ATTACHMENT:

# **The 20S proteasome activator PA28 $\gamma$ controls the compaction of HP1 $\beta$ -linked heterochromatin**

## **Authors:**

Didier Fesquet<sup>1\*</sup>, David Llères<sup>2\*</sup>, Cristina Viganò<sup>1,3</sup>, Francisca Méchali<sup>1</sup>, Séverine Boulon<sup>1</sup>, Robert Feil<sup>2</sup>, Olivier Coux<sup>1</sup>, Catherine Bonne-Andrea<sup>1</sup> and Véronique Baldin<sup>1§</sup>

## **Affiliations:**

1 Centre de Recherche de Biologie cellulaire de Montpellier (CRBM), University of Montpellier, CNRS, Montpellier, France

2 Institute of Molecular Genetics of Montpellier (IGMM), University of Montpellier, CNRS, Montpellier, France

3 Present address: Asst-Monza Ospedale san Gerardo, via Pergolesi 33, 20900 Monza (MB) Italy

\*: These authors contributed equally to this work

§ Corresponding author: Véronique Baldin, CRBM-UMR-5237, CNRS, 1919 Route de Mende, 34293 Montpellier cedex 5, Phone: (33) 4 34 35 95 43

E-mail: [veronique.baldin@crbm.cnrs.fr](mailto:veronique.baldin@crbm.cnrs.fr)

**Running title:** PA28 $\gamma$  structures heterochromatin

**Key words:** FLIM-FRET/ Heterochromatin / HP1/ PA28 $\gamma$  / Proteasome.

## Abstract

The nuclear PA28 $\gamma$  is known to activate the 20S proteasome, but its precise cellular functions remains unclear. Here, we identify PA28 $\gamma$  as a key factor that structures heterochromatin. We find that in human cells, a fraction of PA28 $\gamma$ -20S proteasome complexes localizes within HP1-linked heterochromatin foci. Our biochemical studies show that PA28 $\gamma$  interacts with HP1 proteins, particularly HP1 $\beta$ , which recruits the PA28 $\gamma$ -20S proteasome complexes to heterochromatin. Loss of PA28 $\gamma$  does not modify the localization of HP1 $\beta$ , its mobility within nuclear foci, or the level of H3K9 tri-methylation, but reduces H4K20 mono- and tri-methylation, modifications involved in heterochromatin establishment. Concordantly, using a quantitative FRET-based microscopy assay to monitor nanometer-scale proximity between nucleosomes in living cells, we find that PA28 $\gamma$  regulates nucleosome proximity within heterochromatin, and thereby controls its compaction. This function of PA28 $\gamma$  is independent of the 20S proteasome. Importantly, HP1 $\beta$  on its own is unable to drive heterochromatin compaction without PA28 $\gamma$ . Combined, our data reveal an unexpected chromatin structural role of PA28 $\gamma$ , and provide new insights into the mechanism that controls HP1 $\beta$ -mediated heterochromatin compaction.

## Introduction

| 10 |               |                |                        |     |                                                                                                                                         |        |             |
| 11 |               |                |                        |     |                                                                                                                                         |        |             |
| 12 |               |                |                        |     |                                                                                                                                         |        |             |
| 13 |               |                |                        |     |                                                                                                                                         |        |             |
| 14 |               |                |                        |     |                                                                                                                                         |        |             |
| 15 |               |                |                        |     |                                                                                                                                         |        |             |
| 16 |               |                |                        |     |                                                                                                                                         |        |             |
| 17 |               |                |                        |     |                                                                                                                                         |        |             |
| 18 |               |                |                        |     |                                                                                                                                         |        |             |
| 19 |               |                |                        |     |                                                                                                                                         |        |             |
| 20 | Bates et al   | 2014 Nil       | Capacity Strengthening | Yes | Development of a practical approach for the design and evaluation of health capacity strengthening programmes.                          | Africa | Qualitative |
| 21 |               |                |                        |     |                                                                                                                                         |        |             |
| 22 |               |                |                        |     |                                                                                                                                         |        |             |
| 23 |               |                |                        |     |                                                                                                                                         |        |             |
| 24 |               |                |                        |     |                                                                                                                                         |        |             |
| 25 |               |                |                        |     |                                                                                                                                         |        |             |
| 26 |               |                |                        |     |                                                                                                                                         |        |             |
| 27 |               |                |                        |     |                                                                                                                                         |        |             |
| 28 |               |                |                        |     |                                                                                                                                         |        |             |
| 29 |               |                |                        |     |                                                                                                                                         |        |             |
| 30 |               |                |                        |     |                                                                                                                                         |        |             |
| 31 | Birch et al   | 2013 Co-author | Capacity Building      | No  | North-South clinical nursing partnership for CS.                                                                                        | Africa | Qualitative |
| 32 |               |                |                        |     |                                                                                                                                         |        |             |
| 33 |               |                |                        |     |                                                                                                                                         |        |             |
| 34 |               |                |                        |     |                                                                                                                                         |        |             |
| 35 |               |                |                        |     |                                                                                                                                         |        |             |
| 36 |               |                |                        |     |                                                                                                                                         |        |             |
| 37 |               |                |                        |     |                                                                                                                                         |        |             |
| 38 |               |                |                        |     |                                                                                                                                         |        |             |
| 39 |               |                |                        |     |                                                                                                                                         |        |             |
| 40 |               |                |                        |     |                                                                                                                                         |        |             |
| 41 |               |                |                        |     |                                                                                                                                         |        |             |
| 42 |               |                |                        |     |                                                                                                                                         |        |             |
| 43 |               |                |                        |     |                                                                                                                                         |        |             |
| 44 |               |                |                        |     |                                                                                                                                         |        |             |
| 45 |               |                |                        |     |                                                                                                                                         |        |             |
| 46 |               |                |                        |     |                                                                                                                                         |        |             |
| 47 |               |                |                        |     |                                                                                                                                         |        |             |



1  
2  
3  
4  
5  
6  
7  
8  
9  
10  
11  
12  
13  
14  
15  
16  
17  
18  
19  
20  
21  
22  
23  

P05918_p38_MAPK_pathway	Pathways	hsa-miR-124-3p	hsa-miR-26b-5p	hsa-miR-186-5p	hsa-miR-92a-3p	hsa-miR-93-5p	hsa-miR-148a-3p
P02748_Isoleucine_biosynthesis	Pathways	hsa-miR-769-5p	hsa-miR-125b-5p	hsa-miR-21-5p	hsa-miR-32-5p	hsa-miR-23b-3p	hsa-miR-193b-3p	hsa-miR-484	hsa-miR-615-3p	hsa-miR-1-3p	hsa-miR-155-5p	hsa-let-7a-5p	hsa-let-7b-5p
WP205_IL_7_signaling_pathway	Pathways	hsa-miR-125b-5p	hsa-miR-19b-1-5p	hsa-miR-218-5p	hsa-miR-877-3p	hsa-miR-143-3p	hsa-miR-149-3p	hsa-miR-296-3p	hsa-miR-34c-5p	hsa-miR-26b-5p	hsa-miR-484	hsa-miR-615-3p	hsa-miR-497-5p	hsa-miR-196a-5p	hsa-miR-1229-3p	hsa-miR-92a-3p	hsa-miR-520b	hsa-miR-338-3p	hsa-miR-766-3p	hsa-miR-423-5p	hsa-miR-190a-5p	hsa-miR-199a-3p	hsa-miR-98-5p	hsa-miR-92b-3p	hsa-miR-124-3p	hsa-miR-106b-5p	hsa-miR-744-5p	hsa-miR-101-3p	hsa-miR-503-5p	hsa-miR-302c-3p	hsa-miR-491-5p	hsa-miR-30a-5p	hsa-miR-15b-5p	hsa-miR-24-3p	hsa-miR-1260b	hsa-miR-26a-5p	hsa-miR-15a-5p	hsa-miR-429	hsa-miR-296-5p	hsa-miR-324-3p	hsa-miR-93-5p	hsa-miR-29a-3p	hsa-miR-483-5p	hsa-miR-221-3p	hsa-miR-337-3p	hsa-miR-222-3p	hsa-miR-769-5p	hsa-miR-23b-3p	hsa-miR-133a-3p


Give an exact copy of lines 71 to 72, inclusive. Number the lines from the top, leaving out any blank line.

18  
19  